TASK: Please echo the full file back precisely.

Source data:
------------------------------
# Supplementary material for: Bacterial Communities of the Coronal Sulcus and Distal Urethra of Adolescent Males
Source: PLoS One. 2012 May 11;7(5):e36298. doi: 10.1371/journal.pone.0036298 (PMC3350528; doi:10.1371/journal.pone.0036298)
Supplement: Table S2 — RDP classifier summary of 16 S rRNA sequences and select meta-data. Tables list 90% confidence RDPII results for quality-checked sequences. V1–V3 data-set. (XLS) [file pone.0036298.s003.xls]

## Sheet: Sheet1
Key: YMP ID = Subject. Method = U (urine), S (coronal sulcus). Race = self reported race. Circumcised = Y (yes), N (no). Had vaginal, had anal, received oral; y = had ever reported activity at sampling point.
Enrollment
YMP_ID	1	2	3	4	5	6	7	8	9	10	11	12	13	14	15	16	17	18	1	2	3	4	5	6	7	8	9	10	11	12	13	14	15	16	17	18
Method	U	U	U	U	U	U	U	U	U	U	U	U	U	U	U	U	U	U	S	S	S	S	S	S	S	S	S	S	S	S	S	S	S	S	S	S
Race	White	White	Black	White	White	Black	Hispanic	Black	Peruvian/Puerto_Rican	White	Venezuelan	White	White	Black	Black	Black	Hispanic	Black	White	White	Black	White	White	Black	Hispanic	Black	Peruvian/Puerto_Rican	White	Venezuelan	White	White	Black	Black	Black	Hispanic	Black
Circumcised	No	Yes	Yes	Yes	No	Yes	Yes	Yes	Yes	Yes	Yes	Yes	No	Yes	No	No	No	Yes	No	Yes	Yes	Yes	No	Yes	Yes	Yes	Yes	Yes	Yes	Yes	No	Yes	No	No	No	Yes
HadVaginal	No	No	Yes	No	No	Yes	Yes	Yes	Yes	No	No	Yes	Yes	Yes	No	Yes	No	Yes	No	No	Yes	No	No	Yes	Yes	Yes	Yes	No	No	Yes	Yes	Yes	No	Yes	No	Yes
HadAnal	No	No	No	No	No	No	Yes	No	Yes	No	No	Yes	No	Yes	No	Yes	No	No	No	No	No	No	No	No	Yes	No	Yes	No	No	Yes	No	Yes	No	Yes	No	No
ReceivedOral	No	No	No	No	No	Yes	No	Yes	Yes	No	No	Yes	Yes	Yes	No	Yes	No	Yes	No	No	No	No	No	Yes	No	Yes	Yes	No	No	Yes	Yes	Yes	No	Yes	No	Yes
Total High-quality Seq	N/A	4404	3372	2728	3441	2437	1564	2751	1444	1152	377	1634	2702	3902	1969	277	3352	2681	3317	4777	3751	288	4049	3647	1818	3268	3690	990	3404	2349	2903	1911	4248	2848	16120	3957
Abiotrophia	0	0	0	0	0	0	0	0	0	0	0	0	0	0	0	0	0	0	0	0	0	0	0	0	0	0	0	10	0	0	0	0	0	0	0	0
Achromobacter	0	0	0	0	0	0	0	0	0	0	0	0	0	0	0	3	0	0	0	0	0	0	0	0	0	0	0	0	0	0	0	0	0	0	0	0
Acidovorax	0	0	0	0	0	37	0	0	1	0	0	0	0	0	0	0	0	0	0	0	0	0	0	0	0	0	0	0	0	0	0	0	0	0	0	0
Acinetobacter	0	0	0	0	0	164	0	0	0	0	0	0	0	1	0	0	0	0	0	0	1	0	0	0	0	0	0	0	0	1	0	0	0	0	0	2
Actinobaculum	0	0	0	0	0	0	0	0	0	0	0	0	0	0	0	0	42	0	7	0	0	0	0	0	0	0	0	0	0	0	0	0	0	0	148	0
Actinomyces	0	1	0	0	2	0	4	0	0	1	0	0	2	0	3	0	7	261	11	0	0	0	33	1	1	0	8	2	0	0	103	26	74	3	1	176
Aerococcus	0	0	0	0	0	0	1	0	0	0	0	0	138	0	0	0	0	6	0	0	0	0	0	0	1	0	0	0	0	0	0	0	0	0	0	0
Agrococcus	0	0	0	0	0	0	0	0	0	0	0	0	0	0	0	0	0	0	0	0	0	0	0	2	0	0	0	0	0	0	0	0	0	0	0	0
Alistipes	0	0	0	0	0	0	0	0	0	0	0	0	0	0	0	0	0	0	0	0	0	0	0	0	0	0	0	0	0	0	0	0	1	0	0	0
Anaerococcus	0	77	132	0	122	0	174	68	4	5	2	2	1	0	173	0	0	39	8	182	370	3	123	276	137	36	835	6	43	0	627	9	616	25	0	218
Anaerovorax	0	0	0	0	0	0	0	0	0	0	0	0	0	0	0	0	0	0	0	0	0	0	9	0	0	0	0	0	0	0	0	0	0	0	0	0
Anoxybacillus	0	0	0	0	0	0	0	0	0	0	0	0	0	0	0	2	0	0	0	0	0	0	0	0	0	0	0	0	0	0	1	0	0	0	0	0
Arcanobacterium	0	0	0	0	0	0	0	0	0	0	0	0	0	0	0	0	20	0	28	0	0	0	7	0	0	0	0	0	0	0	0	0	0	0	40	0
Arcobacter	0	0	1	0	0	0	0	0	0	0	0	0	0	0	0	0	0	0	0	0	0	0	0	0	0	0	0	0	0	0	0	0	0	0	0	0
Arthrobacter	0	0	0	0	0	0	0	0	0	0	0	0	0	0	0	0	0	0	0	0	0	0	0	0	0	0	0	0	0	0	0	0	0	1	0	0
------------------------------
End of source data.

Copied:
# Supplementary material for: Bacterial Communities of the Coronal Sulcus and Distal Urethra of Adolescent Males
Source: PLoS One. 2012 May 11;7(5):e36298. doi: 10.1371/journal.pone.0036298 (PMC3350528; doi:10.1371/journal.pone.0036298)
Supplement: Table S2 — RDP classifier summary of 16 S rRNA sequences and select meta-data. Tables list 90% confidence RDPII results for quality-checked sequences. V1–V3 data-set. (XLS) [file pone.0036298.s003.xls]

## Sheet: Sheet1
Key: YMP ID = Subject. Method = U (urine), S (coronal sulcus). Race = self reported race. Circumcised = Y (yes), N (no). Had vaginal, had anal, received oral; y = had ever reported activity at sampling point.
Enrollment
YMP_ID	1	2	3	4	5	6	7	8	9	10	11	12	13	14	15	16	17	18	1	2	3	4	5	6	7	8	9	10	11	12	13	14	15	16	17	18
Method	U	U	U	U	U	U	U	U	U	U	U	U	U	U	U	U	U	U	S	S	S	S	S	S	S	S	S	S	S	S	S	S	S	S	S	S
Race	White	White	Black	White	White	Black	Hispanic	Black	Peruvian/Puerto_Rican	White	Venezuelan	White	White	Black	Black	Black	Hispanic	Black	White	White	Black	White	White	Black	Hispanic	Black	Peruvian/Puerto_Rican	White	Venezuelan	White	White	Black	Black	Black	Hispanic	Black
Circumcised	No	Yes	Yes	Yes	No	Yes	Yes	Yes	Yes	Yes	Yes	Yes	No	Yes	No	No	No	Yes	No	Yes	Yes	Yes	No	Yes	Yes	Yes	Yes	Yes	Yes	Yes	No	Yes	No	No	No	Yes
HadVaginal	No	No	Yes	No	No	Yes	Yes	Yes	Yes	No	No	Yes	Yes	Yes	No	Yes	No	Yes	No	No	Yes	No	No	Yes	Yes	Yes	Yes	No	No	Yes	Yes	Yes	No	Yes	No	Yes
HadAnal	No	No	No	No	No	No	Yes	No	Yes	No	No	Yes	No	Yes	No	Yes	No	No	No	No	No	No	No	No	Yes	No	Yes	No	No	Yes	No	Yes	No	Yes	No	No
ReceivedOral	No	No	No	No	No	Yes	No	Yes	Yes	No	No	Yes	Yes	Yes	No	Yes	No	Yes	No	No	No	No	No	Yes	No	Yes	Yes	No	No	Yes	Yes	Yes	No	Yes	No	Yes
Total High-quality Seq	N/A	4404	3372	2728	3441	2437	1564	2751	1444	1152	377	1634	2702	3902	1969	277	3352	2681	3317	4777	3751	288	4049	3647	1818	3268	3690	990	3404	2349	2903	1911	4248	2848	16120	3957
Abiotrophia	0	0	0	0	0	0	0	0	0	0	0	0	0	0	0	0	0	0	0	0	0	0	0	0	0	0	0	10	0	0	0	0	0	0	0	0
Achromobacter	0	0	0	0	0	0	0	0	0	0	0	0	0	0	0	3	0	0	0	0	0	0	0	0	0	0	0	0	0	0	0	0	0	0	0	0
Acidovorax	0	0	0	0	0	37	0	0	1	0	0	0	0	0	0	0	0	0	0	0	0	0	0	0	0	0	0	0	0	0	0	0	0	0	0	0
Acinetobacter	0	0	0	0	0	164	0	0	0	0	0	0	0	1	0	0	0	0	0	0	1	0	0	0	0	0	0	0	0	1	0	0	0	0	0	2
Actinobaculum	0	0	0	0	0	0	0	0	0	0	0	0	0	0	0	0	42	0	7	0	0	0	0	0	0	0	0	0	0	0	0	0	0	0	148	0
Actinomyces	0	1	0	0	2	0	4	0	0	1	0	0	2	0	3	0	7	261	11	0	0	0	33	1	1	0	8	2	0	0	103	26	74	3	1	176
Aerococcus	0	0	0	0	0	0	1	0	0	0	0	0	138	0	0	0	0	6	0	0	0	0	0	0	1	0	0	0	0	0	0	0	0	0	0	0
Agrococcus	0	0	0	0	0	0	0	0	0	0	0	0	0	0	0	0	0	0	0	0	0	0	0	2	0	0	0	0	0	0	0	0	0	0	0	0
Alistipes	0	0	0	0	0	0	0	0	0	0	0	0	0	0	0	0	0	0	0	0	0	0	0	0	0	0	0	0	0	0	0	0	1	0	0	0
Anaerococcus	0	77	132	0	122	0	174	68	4	5	2	2	1	0	173	0	0	39	8	182	370	3	123	276	137	36	835	6	43	0	627	9	616	25	0	218
Anaerovorax	0	0	0	0	0	0	0	0	0	0	0	0	0	0	0	0	0	0	0	0	0	0	9	0	0	0	0	0	0	0	0	0	0	0	0	0
Anoxybacillus	0	0	0	0	0	0	0	0	0	0	0	0	0	0	0	2	0	0	0	0	0	0	0	0	0	0	0	0	0	0	1	0	0	0	0	0
Arcanobacterium	0	0	0	0	0	0	0	0	0	0	0	0	0	0	0	0	20	0	28	0	0	0	7	0	0	0	0	0	0	0	0	0	0	0	40	0
Arcobacter	0	0	1	0	0	0	0	0	0	0	0	0	0	0	0	0	0	0	0	0	0	0	0	0	0	0	0	0	0	0	0	0	0	0	0	0
Arthrobacter	0	0	0	0	0	0	0	0	0	0	0	0	0	0	0	0	0	0	0	0	0	0	0	0	0	0	0	0	0	0	0	0	0	1	0	0